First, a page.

Well, it’s a challenge. The mayor’s put more resources into it, and they’ve also sharpened their pencils—maybe at times too sharp. They’ve got a team that’s pretty experienced in this area, the Deputy Mayor [Alicia Glen] was doing this for 15 years. The Housing Commissioner [Vicki Been] has been in this business a long time. The head of HDC [Gary Rodney] was a developer in the business, so they know the math. Costs have gone up, and that’s a challenge, in particular the construction costs. Long term, I think the land is going to be a huge challenge. In the short term there is a pipeline of activity that both the city and some developers, including us, have that are allowing us to close and develop projects at lower land costs than would work under the current market. We’re not relying on buying land in the market right now. And if you had to go out and buy land in the market right now, you wouldn’t be able to make the numbers work under the current program and current land costs. We have a pipeline of a few million square feet of land at virtually no cost that will all go to affordable and mixed-income housing. And as we saw [last month], the 421-a legislation, which the mayor proposed, could double the amount of affordable housing that has to go through a labor negotiation. So we don’t know where that’s headed, but that all impacts us.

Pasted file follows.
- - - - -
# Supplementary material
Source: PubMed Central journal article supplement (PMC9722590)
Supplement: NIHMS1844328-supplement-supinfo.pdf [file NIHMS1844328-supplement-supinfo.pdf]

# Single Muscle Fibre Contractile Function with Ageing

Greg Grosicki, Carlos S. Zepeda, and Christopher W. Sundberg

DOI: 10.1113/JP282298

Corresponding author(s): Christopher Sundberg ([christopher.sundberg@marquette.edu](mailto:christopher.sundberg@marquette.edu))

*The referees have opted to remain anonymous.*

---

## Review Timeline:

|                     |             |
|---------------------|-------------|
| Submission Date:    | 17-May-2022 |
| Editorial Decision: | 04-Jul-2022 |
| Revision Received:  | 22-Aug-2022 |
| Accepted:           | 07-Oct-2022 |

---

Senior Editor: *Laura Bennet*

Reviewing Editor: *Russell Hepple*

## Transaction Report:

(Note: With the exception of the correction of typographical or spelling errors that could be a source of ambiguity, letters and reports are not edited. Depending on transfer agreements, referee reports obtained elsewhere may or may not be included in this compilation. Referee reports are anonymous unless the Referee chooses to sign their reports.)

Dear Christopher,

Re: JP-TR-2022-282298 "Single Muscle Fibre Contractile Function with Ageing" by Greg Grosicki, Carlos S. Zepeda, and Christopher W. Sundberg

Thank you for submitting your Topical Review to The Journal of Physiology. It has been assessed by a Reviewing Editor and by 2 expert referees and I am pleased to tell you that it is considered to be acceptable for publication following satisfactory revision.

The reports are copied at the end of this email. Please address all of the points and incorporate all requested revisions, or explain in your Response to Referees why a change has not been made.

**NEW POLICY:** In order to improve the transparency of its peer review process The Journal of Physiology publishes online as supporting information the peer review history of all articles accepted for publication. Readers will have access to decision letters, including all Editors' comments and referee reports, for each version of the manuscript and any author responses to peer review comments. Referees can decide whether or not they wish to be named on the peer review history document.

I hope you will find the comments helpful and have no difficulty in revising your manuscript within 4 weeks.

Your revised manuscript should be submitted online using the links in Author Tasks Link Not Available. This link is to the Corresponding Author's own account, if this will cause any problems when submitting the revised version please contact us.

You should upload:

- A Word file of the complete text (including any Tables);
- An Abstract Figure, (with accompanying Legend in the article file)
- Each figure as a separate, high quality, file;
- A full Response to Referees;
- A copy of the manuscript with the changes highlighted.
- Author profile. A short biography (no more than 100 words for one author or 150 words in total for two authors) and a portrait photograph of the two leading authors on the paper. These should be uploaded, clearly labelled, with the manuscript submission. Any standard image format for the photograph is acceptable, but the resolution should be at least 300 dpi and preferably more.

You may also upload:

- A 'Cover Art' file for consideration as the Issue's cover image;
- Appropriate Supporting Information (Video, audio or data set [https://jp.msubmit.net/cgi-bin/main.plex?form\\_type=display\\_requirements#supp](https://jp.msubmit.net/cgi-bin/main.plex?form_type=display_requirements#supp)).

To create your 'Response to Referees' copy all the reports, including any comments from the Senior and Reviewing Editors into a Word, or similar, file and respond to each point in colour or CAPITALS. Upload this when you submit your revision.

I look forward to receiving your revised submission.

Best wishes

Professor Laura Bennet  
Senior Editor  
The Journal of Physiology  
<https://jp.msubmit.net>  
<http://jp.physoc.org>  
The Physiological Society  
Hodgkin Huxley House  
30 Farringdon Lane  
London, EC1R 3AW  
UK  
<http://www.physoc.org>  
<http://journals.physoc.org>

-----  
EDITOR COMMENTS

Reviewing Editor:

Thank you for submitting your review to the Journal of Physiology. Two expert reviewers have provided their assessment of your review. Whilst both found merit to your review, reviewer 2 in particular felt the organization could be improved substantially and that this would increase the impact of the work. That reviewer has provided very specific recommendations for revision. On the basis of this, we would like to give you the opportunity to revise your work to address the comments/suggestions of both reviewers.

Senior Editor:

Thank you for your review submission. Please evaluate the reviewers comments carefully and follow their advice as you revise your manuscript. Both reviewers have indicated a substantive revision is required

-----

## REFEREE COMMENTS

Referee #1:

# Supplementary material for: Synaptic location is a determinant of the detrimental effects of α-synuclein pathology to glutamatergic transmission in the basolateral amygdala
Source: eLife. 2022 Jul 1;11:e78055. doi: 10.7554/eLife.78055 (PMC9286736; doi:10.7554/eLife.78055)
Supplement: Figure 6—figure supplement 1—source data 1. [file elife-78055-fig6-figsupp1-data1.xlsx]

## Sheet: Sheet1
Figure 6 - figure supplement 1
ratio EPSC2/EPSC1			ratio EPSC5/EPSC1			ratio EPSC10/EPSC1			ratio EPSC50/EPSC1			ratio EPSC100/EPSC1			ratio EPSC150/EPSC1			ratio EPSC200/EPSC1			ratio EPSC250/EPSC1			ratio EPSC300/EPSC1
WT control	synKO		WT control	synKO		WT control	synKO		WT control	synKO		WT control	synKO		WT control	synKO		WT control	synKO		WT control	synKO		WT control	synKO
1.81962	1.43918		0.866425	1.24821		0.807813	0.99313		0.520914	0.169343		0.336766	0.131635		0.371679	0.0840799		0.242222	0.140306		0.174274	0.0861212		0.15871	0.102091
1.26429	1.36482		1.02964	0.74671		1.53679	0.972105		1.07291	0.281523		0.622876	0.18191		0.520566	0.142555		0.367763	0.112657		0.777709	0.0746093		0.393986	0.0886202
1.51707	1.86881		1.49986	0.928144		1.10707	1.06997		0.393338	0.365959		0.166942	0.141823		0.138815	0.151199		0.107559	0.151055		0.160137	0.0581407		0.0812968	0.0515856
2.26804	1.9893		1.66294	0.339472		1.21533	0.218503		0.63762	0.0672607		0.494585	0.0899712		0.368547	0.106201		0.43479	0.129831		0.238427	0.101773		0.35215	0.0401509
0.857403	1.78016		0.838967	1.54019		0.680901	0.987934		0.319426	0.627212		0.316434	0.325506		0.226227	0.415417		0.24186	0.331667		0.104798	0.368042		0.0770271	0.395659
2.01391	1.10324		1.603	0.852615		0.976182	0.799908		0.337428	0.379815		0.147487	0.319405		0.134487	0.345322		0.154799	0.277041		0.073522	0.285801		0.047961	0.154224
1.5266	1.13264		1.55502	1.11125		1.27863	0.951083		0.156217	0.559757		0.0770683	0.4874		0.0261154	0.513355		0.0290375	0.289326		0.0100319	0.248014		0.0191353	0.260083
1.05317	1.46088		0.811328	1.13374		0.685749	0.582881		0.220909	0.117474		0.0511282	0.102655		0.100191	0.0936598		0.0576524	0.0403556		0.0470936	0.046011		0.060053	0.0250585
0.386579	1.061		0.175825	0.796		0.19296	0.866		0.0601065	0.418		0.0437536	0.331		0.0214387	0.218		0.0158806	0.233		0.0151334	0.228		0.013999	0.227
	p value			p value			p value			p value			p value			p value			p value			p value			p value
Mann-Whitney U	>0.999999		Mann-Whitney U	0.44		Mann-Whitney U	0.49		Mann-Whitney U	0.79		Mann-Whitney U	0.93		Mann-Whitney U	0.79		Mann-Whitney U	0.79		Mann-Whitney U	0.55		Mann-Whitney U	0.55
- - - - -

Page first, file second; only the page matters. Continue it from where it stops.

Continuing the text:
Tell me a little bit about Essex Crossing. I think you guys broke ground this spring, is that right?
I think it’s a miracle that we broke ground so quickly. We got designated a year and a half ago, and it’s approximately 2 million feet, about half of that is housing, [and] about half the housing’s affordable. The other half is commercial—community facilities, retail, a museum. We’re recreating the state-of-the-art Essex Street Market. Bigger and better—we hope.
After doing this for 30 years, affordable housing is fairly easy. There’s a lot there for affordable housing, there’s a lot of discussion, a lot of money incentives, capital. What’s really difficult is building the neighborhoods and the ancillary aspects of it: the retail, the security, the education, the food, the infrastructure, the transportation. So when we build in the South Bronx, or central Brooklyn or the Rockaways, and there’s no place for the people who live in the housing to go buy quality food, or the school system is not that good, or there’s no community programming, there’s no open space. So all that ancillary infrastructure that surrounds the housing, that’s what we’re really focused on now. I think this mayor is also focusing on that, much more so than past administrations.